WASHINGTON, May 20, 2014 – Federal Communications Commission Chairman Tom Wheeler came under heavy criticism during a Tuesday hearing before the House Energy and Commerce Subcommittee on Communications and Technology, with many members expressing disapproval of the agency’s recent performance, particularly over the issue of network neutrality.
Rep. Greg Walden, R-Ore., criticized the agency’s “selective inaction,” warning that it was treading in “rough waters.” He criticized the agency for failing to complete its quadrennial review of broadcast ownership rules.
Walden also expressed disapproval of the move to reclassify broadband as a Title II, or common carrier, telecommunications services. Doing so would give the FCC authority to “second-guess business decisions.”
“The modern communications landscape bears no resemblance to the world Title II is meant to regulate,” Walden said. The reclassification of broadband service providers…will harm consumers, halt job creation, curtail innovation, and stifle investment… We should also be aware that [reclassification] opens the door for states to regulate the Internet.”
Other Republicans on the subcommittee shared Walden’s criticism. Rep. Fred Upton, R-Mich., expressed frustration over the partisanship that the Commission had shown, citing reports of items being shared with Democrats 24 hours before Republicans.
“Regardless of political affiliations, commissioners must be given adequate and equal time to consider the items on which they’re going to vote,” Upton said.
Upton also urged a “light touch regulatory scheme” as the key to America telecom industry success. “Subjecting [broadband] to burdensome [regulations] is a leap in the wrong direction,” he said.
Others, particularly Democratic representatives, agreed with the premise behind net neutrality, but disagreed with what they called the FCC’s half-way approach.
“The time has come to end the legal gymnastics and stop the lobbying games being played by the big broadband providers,” said Rep. Henry Waxman, D-Calif. “You should use your Title II authority as a backstop authority to protect the open internet. If you want to proceed with Section 706, that’s fine – but you shouldn’t water down the open internet rules to fit Section 706. Instead, you should get the substance right and invoke Title II as an independent basis of authority.”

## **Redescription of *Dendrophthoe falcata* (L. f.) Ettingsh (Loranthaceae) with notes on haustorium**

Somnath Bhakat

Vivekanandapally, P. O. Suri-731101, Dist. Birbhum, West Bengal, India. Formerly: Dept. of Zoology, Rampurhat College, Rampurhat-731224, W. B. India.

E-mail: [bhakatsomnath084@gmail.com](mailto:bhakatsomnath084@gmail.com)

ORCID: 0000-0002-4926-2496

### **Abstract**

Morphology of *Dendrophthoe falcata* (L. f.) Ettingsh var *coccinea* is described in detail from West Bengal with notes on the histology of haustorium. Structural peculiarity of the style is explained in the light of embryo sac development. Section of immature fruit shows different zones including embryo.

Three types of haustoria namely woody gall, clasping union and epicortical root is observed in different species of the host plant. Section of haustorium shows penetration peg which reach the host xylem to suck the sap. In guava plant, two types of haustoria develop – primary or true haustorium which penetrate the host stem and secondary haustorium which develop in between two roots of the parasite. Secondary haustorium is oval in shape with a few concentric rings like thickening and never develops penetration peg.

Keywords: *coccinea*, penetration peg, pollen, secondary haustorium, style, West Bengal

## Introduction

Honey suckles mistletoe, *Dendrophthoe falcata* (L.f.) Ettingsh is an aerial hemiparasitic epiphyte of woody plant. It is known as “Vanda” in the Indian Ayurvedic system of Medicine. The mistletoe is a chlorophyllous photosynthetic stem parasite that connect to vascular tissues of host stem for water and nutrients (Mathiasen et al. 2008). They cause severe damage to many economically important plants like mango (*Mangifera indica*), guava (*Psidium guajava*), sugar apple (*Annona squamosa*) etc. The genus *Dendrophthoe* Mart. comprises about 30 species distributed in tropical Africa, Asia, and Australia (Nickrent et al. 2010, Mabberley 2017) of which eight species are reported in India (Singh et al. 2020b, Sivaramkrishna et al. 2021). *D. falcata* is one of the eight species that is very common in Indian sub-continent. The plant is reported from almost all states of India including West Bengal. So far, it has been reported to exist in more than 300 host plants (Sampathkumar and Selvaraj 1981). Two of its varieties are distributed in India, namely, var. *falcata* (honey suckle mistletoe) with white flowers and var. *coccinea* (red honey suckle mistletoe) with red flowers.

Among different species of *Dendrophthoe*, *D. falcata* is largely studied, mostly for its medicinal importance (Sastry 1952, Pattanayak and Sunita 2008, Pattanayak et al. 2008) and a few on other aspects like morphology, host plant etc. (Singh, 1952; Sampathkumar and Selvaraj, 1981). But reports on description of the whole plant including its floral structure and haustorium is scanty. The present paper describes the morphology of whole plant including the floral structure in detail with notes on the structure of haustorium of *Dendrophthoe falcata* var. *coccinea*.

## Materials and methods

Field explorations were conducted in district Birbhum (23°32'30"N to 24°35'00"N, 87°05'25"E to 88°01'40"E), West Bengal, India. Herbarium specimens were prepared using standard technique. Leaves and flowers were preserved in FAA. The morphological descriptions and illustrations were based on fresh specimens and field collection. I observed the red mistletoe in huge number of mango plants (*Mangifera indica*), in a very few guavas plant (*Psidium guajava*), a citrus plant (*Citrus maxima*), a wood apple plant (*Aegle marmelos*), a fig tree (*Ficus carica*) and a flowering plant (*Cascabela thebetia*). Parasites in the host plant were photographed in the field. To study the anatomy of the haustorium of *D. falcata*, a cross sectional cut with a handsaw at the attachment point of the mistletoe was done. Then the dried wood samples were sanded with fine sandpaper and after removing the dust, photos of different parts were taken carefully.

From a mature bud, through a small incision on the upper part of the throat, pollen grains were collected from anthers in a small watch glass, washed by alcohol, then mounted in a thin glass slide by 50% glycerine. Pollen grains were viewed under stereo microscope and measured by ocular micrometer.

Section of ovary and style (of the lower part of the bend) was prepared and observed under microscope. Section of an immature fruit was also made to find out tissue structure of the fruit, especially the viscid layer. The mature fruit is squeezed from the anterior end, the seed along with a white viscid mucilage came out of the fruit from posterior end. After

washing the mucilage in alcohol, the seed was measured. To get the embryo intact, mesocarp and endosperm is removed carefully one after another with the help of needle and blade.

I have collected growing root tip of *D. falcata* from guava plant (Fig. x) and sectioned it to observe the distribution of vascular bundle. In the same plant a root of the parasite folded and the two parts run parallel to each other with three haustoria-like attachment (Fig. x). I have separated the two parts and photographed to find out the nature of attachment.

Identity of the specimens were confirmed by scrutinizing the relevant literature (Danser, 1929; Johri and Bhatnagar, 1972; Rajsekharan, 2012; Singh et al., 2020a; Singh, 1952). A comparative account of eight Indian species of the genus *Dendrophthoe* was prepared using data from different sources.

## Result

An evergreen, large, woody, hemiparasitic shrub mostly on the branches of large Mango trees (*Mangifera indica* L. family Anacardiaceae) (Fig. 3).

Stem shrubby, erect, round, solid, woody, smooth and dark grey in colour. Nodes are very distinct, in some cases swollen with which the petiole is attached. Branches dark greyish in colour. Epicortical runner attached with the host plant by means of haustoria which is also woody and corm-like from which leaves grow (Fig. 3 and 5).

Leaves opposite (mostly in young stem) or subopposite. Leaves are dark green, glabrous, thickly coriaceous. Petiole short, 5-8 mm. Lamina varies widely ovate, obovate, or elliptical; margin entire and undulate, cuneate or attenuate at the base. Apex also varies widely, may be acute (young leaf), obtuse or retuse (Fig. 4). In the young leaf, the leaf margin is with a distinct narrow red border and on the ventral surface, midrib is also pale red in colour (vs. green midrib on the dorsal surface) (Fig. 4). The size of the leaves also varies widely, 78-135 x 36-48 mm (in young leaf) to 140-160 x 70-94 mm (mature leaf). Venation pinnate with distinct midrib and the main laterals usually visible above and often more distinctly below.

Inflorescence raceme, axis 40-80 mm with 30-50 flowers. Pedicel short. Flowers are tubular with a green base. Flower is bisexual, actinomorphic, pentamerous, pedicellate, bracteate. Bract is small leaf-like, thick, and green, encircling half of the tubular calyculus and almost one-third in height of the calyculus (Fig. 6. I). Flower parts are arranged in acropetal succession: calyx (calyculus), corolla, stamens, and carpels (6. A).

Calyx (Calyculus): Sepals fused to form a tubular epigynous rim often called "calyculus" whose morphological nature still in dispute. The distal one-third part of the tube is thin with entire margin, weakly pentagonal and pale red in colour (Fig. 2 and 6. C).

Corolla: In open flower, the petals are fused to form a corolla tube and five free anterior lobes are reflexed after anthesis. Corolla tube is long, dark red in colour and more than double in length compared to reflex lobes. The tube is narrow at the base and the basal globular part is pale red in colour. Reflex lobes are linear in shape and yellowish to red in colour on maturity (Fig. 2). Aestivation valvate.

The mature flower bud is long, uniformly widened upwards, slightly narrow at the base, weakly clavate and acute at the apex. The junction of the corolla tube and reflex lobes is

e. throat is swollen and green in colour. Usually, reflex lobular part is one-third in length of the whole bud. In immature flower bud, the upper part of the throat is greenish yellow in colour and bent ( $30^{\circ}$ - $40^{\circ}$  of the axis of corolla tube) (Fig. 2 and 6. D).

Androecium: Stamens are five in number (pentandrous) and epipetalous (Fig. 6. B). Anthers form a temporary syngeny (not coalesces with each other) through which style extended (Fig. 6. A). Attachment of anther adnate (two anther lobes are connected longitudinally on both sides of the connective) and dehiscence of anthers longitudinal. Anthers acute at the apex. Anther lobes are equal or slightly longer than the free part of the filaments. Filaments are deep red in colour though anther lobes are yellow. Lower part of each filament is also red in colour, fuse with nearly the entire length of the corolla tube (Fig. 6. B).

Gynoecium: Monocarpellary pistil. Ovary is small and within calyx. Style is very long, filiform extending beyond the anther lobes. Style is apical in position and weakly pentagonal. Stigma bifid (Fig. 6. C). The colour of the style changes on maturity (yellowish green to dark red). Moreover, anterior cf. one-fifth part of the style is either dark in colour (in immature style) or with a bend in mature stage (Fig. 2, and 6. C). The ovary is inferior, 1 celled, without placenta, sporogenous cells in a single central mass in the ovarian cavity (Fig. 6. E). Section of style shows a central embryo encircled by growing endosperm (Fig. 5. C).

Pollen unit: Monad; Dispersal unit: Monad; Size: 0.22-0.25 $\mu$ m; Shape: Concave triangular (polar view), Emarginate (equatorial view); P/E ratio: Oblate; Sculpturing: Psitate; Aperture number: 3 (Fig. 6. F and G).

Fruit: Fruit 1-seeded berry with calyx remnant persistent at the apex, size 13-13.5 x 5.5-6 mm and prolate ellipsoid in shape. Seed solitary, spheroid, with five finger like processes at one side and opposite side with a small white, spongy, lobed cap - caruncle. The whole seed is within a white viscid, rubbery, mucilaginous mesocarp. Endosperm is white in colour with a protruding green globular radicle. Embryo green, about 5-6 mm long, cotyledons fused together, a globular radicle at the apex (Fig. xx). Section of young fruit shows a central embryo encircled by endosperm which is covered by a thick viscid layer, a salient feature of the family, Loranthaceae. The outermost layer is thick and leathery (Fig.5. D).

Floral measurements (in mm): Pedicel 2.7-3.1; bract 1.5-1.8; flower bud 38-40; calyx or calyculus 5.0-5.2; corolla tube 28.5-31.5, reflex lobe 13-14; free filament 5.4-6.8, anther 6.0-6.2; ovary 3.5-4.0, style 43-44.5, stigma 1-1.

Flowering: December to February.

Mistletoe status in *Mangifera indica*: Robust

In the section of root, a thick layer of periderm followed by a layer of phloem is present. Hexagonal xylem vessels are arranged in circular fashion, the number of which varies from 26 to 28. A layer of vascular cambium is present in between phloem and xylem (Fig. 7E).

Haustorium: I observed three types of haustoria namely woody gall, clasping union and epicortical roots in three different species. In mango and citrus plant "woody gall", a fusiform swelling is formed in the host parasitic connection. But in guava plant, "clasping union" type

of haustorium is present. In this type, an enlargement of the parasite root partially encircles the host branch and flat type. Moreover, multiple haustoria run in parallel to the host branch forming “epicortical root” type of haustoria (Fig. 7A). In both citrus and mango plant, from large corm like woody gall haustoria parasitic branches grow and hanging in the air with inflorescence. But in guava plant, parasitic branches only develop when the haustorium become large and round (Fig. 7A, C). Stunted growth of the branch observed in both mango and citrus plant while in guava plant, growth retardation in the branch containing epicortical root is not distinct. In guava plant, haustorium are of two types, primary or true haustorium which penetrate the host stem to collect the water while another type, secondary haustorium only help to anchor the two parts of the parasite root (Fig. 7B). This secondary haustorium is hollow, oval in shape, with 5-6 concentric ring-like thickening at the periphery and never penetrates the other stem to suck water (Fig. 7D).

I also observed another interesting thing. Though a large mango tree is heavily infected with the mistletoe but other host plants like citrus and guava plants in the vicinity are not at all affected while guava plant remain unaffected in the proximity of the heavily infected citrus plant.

Wheeler defended the Commission’s actions, listing a number of areas on which the agency had made progress on, including the forthcoming incentive auction of radio frequencies. He also pointed to a successful ruling on emergency 911 texting, which allows deaf individuals to communicate with emergency responders, as well as a effort to regulate cell phone location information.
“As wireless usage increases and as it replaces… wireline connections inside, and as GPS usage has increased, there’s been a fascinating reality that location accuracy has actually declined,” Wheeler said. “We got a notice on how to [solve] that because that’s literally a matter of life and death.
As for net neutrality, Wheeler explained that D. C. Circuit court’s January 2014 decision affirmed the Commission’s authority for net neutrality under co-called Section 706 of the 1996 Telecommunications Act. This, he said, provided a “road map” to deal with the open internet.
“When the consumer buys access to the Internet, they are buying access to the full Internet and that’s what our rules try to protect,” Wheeler said. “[We ought to] explore the power granted by Section 706, keep asking how Title II fits in, but develop a regulatory process that looks forward, not backward, because what we need is a regulatory process for the 21st century.”
Grilling Wheeler, Tennessee Republican Rep. Marsha Blackburn said that his actions had inspired “a great deal of uncertainty” among content providers, including those offering telemedicine services.
Wheeler agreed that it was important to conduct cost-benefit analysis in decision-making.
“In this rulemaking, we specifically ask what are the costs of one approach or another and what are the benefits so that we can collect that information and have that kind of analysis.”
“Our effort is to represent the American people, not company A or B,” he said.
When asked what types of prioritization were acceptable, Wheeler replied that while the courts had asked the Commission to judge prioritization on a “case-by-case basis,” the Commission is now asking the public whether it should be judged “generically.”
Waxman expressed concern that asking the public when paid prioritization is permissible will result in “a lot of ambiguity” and a lot of litigation.
“I believe bright lines will be a lot better for the market and innovation,” Waxman said.
Rep. Steve Scalise, R-La., questioned Wheeler’s motivations for only targeting ISPs and not content providers. He asked whether the Chairman had “an ax to grind” against broadband providers.